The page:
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Washington, D.C.

Tokyo, Japan

Snapshot of Japan Official Name: Nippon-koku

David M. Rubenstein Chairman Michael M. Kaiser President Darrell M. Ayers Vice President, Education

Additional support for Performances for Young Audiences is provided in part by The Clark Charitable Foundation; Mr. James V. Kimsey; The Macy*s Foundation; The Max and Victoria Dreyfus Foundation, Inc.; The Morris and Gwendolyn Cafritz Foundation; the Park Foundation, Inc.; the Paul M. Angell Family Foundation; an endowment from the Ryna and Melvin Cohen Family Foundation; the U.S. Department of Education; the Verizon Foundation; Washington Gas; and by generous contributors to the Abe Fortas Memorial Fund, and by a major gift to the fund from the late Carolyn E. Agger, widow of Abe Fortas.

The Mansakuno-Kai Kyogen Company

Performance Guide

Mansaku-no-Kai Kyogen is one of Japan’s most celebrated Kyogen companies. Led by Artistic Director Mansaku Nomura, the company is known for their interpretations of comic classics and enjoyable performances. Mr. Nomura has more than 70 years in the art form, and has been designated a Living National Treasure of Japan.

Cuesheet

About the Mansaku-no-Kai Kyogen Company

A D e m o n s t r at i o n and Performance of Busu

Major support for the Kennedy Center’s educational programs is provided by David and Alice Rubenstein through the Rubenstein Arts Access Program.

Capital: Tokyo Japan is made up of more than 3,000 islands. The main religions of Japan are Buddhism and Shinto Population: 127.5 million About 75% of Japan is covered by mountains and forests

www.kennedy-center.org/artsedge Cuesheets are produced by ARTSEDGE, an education program of the Kennedy Center. ARTSEDGE is a part of Thinkfinity.org, a consortium of free educational Web sites for K-12 teaching and learning. Learn more about Education at The Kennedy Center at www.kennedy-center.org/education The contents of this Cuesheet do not necessarily represent the policy of the U.S. Department of Education, and you should not assume endorsement from the Federal Government.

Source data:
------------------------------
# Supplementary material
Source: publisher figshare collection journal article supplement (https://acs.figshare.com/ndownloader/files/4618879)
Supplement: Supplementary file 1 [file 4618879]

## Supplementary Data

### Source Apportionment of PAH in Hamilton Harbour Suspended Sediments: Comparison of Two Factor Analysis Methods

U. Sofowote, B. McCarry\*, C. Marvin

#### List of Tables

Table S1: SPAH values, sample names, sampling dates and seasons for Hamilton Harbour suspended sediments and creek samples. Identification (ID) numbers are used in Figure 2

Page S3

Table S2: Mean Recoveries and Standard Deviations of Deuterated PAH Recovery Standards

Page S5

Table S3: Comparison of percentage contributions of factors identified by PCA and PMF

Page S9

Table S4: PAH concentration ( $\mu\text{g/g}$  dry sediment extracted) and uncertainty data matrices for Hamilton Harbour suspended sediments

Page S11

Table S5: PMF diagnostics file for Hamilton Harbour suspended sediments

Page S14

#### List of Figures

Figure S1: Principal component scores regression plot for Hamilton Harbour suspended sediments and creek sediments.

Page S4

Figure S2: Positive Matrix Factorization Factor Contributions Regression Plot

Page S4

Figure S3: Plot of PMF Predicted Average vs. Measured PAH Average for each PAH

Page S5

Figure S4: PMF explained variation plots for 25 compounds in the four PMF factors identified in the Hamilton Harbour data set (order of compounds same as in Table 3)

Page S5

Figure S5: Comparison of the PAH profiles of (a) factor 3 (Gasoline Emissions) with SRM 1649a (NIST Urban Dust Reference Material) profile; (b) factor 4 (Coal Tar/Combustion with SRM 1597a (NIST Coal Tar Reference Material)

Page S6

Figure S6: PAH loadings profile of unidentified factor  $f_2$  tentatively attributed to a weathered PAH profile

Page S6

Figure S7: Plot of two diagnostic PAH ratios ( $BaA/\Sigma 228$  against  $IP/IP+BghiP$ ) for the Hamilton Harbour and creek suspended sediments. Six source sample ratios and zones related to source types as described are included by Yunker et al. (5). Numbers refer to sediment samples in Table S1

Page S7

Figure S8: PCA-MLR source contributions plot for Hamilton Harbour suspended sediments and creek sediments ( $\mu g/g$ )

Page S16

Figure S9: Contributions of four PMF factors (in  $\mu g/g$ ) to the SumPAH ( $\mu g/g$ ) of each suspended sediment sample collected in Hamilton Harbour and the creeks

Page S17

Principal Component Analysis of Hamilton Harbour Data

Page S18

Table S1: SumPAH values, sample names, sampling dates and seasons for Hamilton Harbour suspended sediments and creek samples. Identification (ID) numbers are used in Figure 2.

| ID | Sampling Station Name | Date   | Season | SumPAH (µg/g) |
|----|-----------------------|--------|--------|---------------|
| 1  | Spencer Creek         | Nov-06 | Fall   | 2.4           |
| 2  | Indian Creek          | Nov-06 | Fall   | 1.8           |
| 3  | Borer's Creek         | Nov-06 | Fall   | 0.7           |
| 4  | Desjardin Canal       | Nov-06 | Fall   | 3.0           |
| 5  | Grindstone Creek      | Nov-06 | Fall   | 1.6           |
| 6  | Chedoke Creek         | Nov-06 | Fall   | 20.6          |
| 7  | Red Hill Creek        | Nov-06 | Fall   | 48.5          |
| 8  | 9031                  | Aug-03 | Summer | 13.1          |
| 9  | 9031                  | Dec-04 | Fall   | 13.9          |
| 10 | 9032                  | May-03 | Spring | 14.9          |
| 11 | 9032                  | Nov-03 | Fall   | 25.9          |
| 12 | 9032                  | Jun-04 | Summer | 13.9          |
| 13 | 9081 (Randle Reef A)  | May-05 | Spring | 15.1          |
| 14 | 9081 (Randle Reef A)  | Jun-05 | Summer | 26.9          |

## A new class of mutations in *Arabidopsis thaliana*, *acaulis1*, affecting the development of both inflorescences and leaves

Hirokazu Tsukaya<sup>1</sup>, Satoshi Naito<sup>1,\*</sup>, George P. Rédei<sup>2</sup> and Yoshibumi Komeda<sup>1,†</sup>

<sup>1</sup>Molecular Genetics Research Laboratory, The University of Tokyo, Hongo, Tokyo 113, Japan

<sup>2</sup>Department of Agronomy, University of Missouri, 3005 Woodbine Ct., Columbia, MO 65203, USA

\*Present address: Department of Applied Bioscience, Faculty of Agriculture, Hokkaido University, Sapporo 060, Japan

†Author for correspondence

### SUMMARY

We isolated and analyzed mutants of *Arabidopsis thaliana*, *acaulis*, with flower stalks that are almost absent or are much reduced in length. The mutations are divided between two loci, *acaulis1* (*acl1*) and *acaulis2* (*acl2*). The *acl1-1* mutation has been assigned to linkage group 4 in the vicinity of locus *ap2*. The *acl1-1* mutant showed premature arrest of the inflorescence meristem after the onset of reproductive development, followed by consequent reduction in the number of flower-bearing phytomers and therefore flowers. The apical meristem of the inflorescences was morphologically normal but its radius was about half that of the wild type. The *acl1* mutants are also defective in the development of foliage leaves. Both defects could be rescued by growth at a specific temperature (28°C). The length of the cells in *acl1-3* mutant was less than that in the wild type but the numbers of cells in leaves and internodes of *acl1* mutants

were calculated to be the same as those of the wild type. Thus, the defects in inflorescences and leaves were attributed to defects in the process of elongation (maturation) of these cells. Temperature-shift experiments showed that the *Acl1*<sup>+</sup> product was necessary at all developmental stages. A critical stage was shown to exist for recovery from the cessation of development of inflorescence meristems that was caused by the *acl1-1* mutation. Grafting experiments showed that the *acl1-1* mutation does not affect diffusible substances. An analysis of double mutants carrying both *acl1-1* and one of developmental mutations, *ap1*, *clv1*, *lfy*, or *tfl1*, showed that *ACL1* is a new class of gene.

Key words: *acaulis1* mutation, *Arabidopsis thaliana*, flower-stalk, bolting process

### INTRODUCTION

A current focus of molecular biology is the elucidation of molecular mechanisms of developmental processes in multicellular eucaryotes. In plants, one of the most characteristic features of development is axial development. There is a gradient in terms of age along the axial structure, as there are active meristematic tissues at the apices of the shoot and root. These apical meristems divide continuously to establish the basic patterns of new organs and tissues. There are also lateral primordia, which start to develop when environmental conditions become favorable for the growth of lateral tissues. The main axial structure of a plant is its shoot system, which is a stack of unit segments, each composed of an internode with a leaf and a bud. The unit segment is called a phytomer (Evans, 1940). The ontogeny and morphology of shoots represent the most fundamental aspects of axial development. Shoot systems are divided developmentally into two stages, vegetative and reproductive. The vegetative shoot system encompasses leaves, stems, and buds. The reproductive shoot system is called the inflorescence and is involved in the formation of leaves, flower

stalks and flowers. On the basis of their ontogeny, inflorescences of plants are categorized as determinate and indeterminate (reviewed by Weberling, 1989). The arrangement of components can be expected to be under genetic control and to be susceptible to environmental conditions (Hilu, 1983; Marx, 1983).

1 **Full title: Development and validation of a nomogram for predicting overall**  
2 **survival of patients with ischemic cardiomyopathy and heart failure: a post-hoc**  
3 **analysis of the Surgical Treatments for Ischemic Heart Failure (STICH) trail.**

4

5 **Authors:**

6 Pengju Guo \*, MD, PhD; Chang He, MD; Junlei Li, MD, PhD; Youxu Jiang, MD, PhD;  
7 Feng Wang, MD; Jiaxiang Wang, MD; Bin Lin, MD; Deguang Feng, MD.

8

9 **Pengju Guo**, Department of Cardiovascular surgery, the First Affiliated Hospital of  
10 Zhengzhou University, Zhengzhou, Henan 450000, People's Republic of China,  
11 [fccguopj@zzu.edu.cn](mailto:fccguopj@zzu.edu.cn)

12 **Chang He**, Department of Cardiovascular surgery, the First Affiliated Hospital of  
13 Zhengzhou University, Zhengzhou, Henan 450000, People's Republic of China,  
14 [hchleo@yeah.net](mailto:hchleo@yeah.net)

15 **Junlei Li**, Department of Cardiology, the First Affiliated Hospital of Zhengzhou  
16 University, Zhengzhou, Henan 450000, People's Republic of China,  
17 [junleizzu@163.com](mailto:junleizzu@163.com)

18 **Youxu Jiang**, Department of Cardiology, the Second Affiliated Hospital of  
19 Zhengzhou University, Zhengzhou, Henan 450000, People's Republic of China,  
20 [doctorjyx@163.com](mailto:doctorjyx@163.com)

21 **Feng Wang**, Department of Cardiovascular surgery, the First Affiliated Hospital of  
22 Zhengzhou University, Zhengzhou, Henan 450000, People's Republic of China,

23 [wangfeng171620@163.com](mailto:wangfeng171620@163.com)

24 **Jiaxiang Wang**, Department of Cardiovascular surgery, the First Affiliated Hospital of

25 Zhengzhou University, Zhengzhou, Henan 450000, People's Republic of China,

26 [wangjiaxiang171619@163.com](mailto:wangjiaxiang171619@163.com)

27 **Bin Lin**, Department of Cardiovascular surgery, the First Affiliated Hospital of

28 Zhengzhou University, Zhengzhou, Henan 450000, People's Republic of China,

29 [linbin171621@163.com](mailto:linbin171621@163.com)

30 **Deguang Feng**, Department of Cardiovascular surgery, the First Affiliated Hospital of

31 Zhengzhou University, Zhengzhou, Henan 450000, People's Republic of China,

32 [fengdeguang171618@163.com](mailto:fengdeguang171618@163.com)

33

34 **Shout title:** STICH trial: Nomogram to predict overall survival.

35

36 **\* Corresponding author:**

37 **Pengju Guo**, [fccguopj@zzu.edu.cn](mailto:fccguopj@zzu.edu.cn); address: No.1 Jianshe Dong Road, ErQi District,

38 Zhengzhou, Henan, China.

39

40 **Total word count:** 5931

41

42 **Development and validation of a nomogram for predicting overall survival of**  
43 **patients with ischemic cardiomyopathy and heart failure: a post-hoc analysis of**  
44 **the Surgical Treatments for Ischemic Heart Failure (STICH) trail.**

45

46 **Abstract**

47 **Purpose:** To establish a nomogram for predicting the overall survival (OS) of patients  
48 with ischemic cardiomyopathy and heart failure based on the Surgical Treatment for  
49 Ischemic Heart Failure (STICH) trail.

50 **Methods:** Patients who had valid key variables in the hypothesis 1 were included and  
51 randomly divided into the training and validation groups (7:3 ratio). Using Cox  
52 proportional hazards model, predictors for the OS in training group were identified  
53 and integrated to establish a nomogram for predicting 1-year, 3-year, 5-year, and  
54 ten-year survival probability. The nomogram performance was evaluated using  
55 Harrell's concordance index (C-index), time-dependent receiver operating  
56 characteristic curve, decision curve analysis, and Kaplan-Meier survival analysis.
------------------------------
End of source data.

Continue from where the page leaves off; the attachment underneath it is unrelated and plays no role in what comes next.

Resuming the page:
Listen Up! Check out more on Japan and its many art forms at iPass Japan! Culture + Hyperculture http://artsedge.kennedy-center.org/ multimedia/series/AEMicrosites/ipass-japan

© 2012 The John F. Kennedy Center for the Performing Arts Please recycle this Cuesheet by sharing it with friends!

Performances for Young Audiences is made possible by


About the Demonstration and Performance Dive into Japanese classical theater, known as Kyogen (prounounced KEE– YO–gen), with actors from the Mansakuno-Kai Kyogen Company (Mahn–saw– COO–no–KYE). To start things off, actor Yukio Ishida (Yoo–kee–oh Ish–EE–dah) will show and tell you about this form of comic theater. But he needs your help! While everyone in the audience will be asked to participate from their seat, a number of student volunteers will join Mr. Ishida on stage. After you learn how Kyogen works, sit back and enjoy a performance of the Japanese play, Busu (pronounced BOO-soo).

Kyogen: What’s So Funny? Developed centuries ago to serve as an intermission, or break, between the more serious and sacred Noh–style theater pieces, Kyogen is all about laughter and comedy, and roughly translated means “crazy talk.” Actors use exaggerated, silly language and actions to portray humorous situations or to poke fun at serious subjects. Today, Kyogen performances are still very popular throughout Japan. Both new and traditional works are found on stages across the country, as well as on cultural television programs.

As is custom in Kyogen, male actors play both male and female roles.

The Story of Busu

What Did You Find Funny?

To make sure no one eats his delicious dessert, a master tells his two servants the tasty treat is actually a poison known as busu. But while the master is away, the servants discover the lie and eat it all up. To cover their tracks, the servants break one of the master’s household treasures. When the master returns home, the servants explain they ate the busu as punishment for their carelessness with his prized possession.

Did you laugh during the performance? Were you rooting for the master or his servants? How did their movements help make the story funny?

Watch for… n The master’s and servants’ slapstick–

style of exaggerated movements and dances, which help show how silly they all are trying to outwit one another. n The

play’s clown–like ending— a traditional characteristic of Kyogen theater.

n The

English supertitles or translations broadcast above the stage, since the play will be performed in Japanese.

Traditional Japanese theater is more than 1,700 years old. The four classic styles include Kyogen (comedy), Noh (drama), Kabuki (dance/drama), and Bunraku (puppetry).